Dr. Wilfred Robles
05 October 2013
Human Disconnect from Tragedy: An Interpretation
Of the Theme in “The Lottery” by Shirley Jackson
“The Lottery” by Shirley Jackson is a story of an anticipated yearly event where the all the citizens of a small town gather together to participate in. The author gives the impression through the light-hearted dialogue among the characters the lottery leads to an event bringing its winner good fortune. As the fortune of the one chosen by the lottery drawing is revealed, it also shows a potential problem of the human character. “The Lottery” reveals when exposed to violence routinely people can become desensitized to the outcomes of such acts.
Throughout the story the narrator through the dialogue of the characters tells the lottery is an annual event that has gone on longer than the oldest person can remember. Since the lottery has been conducted for so long the oldest to the youngest alike gather to anticipate it. As the people gather, the narrator describes how the townspeople interact routinely with young children playing together, Men talking about farming and taxes, and women gossiping about things. The narrator describes what seems to be an innocent act of young boys gathering stones, “Bobby Martin had already stuffed his pocket full of stones, and the others soon followed his example, selecting the smoothest and roundest stones; Bobby and Harry Jones and Dickie Delacroix…eventually made a great pile of stones in one corner of the square…”(903), but the stones become a symbol to the tragic conclusion of the story. After everyone reaches the place where the lottery is conducted they gather into families to await Mr. Summers, who oversees the lottery as well as other civic events in the town.
Once Mr. Summers and the townspeople are gathered, the narrator goes on to describe the tradition of the black box used to conduct the lottery and the rituals of how the lottery was to be conducted. The procedures of how the officiator of the lottery conducted the drawing had changed over the years from more formal to less formal, and more personal. The act that Mr. Summers takes to talk to each person casually that draws from the black box knowing what would happen to the person drawn is indicative of the attitude of all the townspeople. After the narrator leaves off from the history of the lottery the character that is drawn in the lottery, Tessie Hutchinson, enters the story. Ms. Hutchinson enters while a roll call of all the citizens of the town is taking place to make sure everyone has a chance to be drawn.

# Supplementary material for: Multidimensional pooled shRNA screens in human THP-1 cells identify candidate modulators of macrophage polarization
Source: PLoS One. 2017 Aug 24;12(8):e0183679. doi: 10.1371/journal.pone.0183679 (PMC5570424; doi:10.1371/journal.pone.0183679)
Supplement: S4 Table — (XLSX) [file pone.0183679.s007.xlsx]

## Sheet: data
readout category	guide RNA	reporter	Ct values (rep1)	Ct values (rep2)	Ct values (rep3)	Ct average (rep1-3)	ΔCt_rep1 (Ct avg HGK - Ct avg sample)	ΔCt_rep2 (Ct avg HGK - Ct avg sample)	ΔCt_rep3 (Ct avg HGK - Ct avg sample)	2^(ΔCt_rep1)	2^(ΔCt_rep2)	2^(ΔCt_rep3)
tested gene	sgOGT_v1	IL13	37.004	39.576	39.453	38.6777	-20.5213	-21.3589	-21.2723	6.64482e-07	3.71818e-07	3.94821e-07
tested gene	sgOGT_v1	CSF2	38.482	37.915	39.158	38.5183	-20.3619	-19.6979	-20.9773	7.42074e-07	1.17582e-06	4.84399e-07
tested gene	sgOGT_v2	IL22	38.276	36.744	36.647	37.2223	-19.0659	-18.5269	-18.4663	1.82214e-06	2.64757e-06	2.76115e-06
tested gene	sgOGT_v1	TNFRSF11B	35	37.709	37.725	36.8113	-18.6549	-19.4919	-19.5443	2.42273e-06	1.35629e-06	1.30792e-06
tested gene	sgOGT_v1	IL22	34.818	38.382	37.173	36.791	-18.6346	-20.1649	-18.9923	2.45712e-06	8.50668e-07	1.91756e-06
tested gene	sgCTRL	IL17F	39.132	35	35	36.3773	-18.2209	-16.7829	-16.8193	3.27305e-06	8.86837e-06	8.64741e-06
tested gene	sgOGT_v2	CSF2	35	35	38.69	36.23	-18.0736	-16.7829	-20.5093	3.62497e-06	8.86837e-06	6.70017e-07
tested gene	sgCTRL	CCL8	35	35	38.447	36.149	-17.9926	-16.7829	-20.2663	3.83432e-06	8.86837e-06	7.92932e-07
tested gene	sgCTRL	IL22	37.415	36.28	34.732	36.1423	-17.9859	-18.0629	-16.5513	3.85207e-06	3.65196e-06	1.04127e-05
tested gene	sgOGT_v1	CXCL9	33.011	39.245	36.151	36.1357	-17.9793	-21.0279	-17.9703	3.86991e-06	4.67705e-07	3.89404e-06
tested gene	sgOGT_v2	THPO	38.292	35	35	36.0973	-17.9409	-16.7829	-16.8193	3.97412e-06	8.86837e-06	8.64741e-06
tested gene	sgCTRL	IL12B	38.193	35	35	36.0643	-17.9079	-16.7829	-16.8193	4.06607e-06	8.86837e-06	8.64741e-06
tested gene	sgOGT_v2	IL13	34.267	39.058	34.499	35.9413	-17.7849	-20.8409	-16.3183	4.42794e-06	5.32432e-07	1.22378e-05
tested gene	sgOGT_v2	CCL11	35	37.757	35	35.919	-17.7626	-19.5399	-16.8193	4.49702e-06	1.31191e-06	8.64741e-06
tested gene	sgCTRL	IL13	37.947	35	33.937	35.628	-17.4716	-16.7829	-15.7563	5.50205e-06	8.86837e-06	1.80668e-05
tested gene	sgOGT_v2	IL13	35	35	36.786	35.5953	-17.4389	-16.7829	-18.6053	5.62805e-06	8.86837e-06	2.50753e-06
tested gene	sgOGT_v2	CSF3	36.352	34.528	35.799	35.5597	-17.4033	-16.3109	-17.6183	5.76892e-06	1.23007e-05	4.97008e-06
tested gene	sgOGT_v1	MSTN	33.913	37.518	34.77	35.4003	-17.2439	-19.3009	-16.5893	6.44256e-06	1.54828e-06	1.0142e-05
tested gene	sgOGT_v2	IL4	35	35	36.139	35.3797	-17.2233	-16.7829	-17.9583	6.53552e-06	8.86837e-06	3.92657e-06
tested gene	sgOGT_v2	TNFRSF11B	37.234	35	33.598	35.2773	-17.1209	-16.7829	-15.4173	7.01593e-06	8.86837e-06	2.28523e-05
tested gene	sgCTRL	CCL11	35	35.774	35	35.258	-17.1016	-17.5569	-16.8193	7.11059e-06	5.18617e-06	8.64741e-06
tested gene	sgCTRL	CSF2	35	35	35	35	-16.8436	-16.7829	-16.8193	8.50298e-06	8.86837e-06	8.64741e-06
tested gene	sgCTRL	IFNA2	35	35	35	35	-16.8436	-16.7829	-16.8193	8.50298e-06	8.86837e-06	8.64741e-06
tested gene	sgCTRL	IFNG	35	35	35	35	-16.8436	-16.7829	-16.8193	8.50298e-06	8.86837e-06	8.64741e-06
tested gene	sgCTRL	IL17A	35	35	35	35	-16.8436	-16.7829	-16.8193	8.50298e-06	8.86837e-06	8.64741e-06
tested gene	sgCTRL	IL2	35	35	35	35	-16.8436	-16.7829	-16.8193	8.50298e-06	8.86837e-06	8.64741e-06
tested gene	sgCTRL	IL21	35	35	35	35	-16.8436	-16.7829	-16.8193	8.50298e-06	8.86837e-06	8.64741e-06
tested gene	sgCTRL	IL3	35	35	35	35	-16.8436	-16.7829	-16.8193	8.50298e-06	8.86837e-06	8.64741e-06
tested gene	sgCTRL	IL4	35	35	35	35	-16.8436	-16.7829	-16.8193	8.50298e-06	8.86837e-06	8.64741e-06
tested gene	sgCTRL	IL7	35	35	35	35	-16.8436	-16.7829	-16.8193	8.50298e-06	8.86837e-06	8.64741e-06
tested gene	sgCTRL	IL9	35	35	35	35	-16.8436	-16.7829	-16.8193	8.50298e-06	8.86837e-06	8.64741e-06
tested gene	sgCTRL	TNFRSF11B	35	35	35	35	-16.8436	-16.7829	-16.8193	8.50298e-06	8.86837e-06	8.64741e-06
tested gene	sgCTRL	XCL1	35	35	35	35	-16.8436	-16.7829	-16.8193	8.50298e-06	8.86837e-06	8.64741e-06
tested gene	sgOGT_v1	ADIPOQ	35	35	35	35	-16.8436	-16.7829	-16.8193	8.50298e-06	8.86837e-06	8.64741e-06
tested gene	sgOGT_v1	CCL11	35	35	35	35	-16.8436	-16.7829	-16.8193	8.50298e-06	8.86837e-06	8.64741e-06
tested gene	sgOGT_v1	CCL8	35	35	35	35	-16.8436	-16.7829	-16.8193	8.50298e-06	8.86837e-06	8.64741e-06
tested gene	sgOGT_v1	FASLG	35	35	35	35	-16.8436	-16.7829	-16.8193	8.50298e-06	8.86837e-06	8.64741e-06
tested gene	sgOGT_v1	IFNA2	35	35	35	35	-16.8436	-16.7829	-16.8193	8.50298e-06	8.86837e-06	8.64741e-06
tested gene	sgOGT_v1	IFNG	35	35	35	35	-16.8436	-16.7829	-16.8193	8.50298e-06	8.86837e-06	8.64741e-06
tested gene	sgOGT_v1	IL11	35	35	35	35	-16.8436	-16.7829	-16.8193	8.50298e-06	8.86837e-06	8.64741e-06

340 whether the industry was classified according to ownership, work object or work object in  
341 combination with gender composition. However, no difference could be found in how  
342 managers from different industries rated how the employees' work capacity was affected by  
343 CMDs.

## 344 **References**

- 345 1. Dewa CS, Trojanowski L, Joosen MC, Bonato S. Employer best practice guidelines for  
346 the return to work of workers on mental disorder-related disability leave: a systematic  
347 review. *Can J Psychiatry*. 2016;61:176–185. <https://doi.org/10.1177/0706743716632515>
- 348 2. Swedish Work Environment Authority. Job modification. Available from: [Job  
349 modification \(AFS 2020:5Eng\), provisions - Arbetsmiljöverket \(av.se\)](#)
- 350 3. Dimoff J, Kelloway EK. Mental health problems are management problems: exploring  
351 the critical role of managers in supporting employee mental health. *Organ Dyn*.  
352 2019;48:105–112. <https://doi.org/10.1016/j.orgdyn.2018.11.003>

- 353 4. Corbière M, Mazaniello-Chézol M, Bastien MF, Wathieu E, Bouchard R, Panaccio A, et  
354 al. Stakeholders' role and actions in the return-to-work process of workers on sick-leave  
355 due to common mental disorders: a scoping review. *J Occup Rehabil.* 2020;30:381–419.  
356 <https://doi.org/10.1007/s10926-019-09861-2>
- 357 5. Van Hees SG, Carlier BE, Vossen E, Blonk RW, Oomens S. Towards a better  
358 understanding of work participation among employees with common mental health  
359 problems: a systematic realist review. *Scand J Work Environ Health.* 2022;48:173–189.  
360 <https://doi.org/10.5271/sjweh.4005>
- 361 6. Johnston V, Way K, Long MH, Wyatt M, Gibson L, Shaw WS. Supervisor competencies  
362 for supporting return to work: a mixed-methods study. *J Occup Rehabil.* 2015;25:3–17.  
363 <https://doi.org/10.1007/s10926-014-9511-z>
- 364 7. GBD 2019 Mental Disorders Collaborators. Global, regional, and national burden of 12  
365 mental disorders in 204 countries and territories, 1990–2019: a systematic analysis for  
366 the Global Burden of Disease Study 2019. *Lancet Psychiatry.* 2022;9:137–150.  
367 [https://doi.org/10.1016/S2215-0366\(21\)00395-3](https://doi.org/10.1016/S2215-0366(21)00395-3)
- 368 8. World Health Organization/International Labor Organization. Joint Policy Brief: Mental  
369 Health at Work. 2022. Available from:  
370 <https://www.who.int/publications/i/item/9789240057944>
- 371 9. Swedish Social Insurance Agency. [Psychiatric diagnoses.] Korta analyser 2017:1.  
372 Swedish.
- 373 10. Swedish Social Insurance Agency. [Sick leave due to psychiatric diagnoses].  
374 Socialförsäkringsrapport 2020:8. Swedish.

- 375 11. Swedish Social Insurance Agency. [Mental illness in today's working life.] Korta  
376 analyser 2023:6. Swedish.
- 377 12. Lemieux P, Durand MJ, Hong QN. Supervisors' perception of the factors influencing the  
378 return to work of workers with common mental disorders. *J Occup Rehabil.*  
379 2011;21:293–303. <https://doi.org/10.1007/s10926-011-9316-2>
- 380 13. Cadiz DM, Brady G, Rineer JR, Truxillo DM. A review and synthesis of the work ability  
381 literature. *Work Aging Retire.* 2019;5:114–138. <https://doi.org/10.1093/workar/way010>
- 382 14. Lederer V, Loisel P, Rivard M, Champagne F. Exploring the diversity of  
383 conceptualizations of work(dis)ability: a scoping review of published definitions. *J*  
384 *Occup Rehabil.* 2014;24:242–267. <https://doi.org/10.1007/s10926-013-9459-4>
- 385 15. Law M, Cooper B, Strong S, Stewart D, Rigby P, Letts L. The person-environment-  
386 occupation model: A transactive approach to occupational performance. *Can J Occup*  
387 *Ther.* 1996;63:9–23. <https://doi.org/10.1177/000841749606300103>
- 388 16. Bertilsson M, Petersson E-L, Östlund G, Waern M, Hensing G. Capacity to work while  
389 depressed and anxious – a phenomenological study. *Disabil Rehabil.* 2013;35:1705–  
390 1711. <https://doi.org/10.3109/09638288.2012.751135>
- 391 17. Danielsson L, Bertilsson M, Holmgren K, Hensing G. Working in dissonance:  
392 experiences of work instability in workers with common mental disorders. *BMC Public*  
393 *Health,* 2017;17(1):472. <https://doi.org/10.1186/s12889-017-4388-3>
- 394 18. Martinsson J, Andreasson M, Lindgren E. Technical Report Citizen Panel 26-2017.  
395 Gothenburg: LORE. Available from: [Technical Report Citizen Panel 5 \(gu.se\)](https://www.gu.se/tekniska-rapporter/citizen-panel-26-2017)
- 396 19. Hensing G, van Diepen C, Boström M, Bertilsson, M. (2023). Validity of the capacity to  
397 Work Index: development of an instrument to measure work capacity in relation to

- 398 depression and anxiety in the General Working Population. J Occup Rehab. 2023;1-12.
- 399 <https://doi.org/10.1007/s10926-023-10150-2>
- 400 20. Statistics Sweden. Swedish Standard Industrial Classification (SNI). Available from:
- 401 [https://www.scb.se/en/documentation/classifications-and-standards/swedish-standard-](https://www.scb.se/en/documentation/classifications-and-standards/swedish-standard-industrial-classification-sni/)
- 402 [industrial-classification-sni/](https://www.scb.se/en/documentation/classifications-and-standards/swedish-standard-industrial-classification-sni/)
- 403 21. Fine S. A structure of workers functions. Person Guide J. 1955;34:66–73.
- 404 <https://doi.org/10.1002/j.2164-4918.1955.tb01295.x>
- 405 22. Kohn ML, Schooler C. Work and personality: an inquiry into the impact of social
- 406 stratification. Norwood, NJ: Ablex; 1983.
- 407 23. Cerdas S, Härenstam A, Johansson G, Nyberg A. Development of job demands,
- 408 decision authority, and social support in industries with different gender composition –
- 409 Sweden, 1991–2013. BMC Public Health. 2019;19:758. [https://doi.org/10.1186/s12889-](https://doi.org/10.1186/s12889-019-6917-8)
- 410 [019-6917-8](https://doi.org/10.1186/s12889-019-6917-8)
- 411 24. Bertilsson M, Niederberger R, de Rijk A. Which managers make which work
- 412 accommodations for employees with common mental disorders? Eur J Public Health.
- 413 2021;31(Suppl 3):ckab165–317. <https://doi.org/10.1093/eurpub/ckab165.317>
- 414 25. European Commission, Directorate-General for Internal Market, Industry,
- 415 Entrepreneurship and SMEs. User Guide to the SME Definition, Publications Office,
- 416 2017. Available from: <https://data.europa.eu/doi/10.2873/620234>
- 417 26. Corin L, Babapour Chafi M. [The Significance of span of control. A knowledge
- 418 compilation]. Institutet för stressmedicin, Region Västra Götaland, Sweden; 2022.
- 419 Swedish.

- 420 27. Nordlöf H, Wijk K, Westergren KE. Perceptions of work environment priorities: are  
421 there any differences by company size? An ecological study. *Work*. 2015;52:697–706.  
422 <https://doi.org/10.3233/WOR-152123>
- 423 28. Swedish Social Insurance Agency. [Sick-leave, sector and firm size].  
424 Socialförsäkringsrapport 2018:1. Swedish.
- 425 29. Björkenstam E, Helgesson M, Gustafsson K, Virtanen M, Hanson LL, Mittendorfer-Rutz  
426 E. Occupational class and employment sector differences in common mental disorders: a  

When Mr. Summers is ready to conduct the lottery the narrator once again reiterates how the people had grown accustom to the proceedings, “The people had done it so many times that they only half listened to the directions, most of them were quiet, wetting their lips, not looking around” (905). In the previous quote, the author reveals part of the theme she is trying to express on how people emotionally detach themselves when they have experienced something enough. While the drawing is taking place the narrator describes the dialogue between the characters of Old Man Warner, the oldest man in town, and a fellow citizen Mr. Adams. In the dialogue between the two men the narrator relates how something that is tradition can be hard to give up: “They do say,” Mr. Adams said to Old Man Warner, who stood next to him, “that over in the north village they’re talking of giving up the lottery.” Old Man Warner snorted, “Pack of crazy fools,” he said. “Listening to the young folks,
nothing’s good enough for them. Next thing you know, they’ll be wanting to go back to
living in caves, nobody work anymore, live that way for a while. Used to be a saying
about ‘Lottery in June, corn be heavy soon.’ There’s always been a lottery,” he added
petulantly. “Bad enough to see young Joe Summers up there joking with everybody.”
“Some places have already quit...
Cited: Jackson, Shirley. “The Lottery.” Literature for Life. Ed. X. J. Kennedy, Dana Gioia, and Nina Revoyr. New York: Pearson, 2013. 903-908. Print.
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